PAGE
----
I have, however, a dash of sympathy for anyone who tries to depict the undepictable, to catch the essence or the crewing of the British Establishment at any particular moment in its wraith’s progress. Any attempt is likely to look either naïve or way off or both to those who came later. My own mid-1980s attempt to find them amongst the postwar Good and Great certainly does. The ‘Czars’ and ‘Task Forces’ that have in part replaced Royal Commissions have not produced grand corps comparable to that exhibited by the great inquirers of the past. And the Establishment concept has been made still more elusive over the past quarter-of-a-century by the rise of a new political economy (the post-Big Bang City, hedge funds and all that) plus an electronic media explosion driven by new technologies alongside the grander newspapers not to mention the new Britain, young country again banalities of ‘New Labour’ which held the field and tempted the credulous (as did something I could never grasp called the ‘Third Way’) for a few years after 1997.

Such non-Establishment developments intrigued me afresh in April 2013. The first occasion was when Jonathan Hill, Lord Hill of Oareford, the Leader of the House of Lords, opened the tributes to Lady Thatcher by recalling 1975 when, as Jonathan put it, ‘this non-establishment figure had become leader of the establishment party’. A couple of weeks later I was talking with a man I hugely admire, a scientist and a member of the House of Lords who has run top-of- the-range institutions and yet has that modesty and quietness that can go with great scientists. If there were league tables for Establishment and meritocracy he would be at the very top of the Premiership in both.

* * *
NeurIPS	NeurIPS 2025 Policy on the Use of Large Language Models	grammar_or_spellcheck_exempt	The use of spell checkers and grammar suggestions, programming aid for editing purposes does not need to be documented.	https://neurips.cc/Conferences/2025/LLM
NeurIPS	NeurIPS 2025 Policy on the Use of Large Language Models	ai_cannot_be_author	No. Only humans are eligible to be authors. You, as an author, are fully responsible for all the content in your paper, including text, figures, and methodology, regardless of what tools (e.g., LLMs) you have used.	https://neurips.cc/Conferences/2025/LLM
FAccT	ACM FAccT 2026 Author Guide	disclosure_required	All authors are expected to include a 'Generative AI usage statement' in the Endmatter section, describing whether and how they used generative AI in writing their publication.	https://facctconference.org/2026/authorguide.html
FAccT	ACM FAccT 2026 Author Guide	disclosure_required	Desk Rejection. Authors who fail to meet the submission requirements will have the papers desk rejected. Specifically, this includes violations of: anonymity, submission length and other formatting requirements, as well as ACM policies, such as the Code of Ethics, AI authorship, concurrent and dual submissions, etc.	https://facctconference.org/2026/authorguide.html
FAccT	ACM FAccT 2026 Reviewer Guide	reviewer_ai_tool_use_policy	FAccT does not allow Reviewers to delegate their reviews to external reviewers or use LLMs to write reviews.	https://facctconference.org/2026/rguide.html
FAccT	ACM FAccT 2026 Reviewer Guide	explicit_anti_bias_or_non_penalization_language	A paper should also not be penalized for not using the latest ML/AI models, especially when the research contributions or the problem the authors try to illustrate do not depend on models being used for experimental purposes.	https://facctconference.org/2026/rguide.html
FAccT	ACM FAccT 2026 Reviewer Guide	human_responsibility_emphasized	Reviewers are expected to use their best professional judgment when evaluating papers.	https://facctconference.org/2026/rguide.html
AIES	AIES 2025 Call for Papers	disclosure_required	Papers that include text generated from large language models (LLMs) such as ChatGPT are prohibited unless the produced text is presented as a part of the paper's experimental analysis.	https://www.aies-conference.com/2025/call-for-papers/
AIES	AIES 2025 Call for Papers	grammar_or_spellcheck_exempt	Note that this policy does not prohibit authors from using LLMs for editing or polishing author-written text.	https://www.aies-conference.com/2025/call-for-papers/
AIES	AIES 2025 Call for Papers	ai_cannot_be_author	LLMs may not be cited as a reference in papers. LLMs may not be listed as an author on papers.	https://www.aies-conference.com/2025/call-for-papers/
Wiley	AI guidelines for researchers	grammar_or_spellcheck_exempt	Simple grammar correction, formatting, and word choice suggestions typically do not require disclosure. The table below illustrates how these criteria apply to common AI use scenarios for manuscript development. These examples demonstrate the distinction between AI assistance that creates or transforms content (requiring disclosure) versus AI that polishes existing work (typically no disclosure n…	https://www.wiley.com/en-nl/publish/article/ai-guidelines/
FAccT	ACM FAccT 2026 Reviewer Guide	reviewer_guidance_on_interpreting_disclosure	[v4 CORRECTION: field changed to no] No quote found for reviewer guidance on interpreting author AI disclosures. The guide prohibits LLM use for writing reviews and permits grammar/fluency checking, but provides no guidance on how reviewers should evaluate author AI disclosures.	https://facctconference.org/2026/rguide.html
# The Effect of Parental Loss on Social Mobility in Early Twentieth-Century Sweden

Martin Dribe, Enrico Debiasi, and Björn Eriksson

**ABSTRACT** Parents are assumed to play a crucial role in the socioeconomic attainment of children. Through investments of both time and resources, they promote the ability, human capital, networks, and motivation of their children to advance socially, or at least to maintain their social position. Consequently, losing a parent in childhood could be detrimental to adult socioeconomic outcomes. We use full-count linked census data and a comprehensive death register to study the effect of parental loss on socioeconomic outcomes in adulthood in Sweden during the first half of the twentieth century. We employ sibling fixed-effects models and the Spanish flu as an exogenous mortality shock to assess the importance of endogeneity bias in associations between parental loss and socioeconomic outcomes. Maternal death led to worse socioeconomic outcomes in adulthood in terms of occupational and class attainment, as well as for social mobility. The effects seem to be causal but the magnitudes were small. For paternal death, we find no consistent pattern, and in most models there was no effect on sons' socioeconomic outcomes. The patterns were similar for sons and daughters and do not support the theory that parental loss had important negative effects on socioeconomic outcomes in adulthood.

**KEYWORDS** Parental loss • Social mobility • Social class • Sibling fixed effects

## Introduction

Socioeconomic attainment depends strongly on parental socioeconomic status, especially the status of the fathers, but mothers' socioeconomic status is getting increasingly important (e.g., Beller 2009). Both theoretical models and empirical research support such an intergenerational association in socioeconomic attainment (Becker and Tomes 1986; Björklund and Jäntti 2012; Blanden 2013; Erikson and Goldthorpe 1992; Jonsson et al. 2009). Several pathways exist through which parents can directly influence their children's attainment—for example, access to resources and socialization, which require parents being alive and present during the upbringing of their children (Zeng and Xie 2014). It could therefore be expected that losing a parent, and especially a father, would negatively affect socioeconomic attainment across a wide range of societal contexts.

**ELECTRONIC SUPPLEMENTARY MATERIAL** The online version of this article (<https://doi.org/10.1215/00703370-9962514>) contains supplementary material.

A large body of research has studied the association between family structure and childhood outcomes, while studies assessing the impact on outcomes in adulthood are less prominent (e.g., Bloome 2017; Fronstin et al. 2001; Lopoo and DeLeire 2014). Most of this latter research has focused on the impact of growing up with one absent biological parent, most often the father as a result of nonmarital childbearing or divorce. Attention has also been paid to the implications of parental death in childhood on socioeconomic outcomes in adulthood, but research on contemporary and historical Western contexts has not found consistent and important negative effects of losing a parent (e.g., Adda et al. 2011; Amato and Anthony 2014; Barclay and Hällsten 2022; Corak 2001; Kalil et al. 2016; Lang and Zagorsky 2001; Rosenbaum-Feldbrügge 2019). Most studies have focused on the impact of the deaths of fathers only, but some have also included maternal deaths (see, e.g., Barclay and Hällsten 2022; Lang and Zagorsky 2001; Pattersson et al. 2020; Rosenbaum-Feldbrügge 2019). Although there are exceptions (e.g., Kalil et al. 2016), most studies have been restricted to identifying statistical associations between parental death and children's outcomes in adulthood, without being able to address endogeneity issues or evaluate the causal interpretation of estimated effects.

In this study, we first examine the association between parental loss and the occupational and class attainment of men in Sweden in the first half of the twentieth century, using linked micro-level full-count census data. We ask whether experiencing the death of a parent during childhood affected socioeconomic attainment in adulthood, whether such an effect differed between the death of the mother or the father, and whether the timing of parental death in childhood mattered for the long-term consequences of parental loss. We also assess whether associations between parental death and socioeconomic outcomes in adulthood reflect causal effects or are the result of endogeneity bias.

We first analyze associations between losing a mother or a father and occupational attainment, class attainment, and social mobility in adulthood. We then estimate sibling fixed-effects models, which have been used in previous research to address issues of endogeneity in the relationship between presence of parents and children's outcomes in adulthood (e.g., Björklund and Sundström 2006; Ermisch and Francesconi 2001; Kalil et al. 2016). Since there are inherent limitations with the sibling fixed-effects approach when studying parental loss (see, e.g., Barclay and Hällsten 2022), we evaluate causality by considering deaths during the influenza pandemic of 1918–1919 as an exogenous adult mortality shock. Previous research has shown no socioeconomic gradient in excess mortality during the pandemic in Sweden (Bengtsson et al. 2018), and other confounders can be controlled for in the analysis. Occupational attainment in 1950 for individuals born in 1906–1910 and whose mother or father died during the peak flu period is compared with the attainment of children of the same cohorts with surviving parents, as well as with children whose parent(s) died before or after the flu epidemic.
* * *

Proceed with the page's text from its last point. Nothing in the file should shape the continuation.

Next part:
I asked him if a British Establishment still existed. ‘I don’t believe there is such a thing as “The Establishment”’, he said. ‘If Anthony Sampson went looking for it now he would find it completely different – in the hedge funds; in the media; the sort of people who would think that academia and the clubs are the ancien régime’.

My greatly admired friend set me thinking. I reckon there is a permanent element at the core of the British Establishment – a kind of gyroscope – which embraces the grand old professions like the Law and the Civil Service (though the latter is a tad tattered at the moment), the House of Lords (especially sections of the crossbenches where sit the former Cabinet Secretaries, Law Lords, Chiefs of the Defence Staff and Queen’s Private Secretaries), the Royal Society, the British Academy, the learned societies generally, the scientific and engineering institutes and the great medical colleges. The reach and clout of these institutions and tribes may fluctuate but they never truly fade, let alone disappear. While around this rooted, inner core there swirl the transient elements in the media, the financial world and the celebritocracy in constellations that vary from generation to generation who can have a powerful, if often passing influence on the mood music of political and economic discussion, and in the case of celebritocracy, the norms of our wider society. If I were writing that book on the British Establishment the permanent/temporary divide would govern my approach.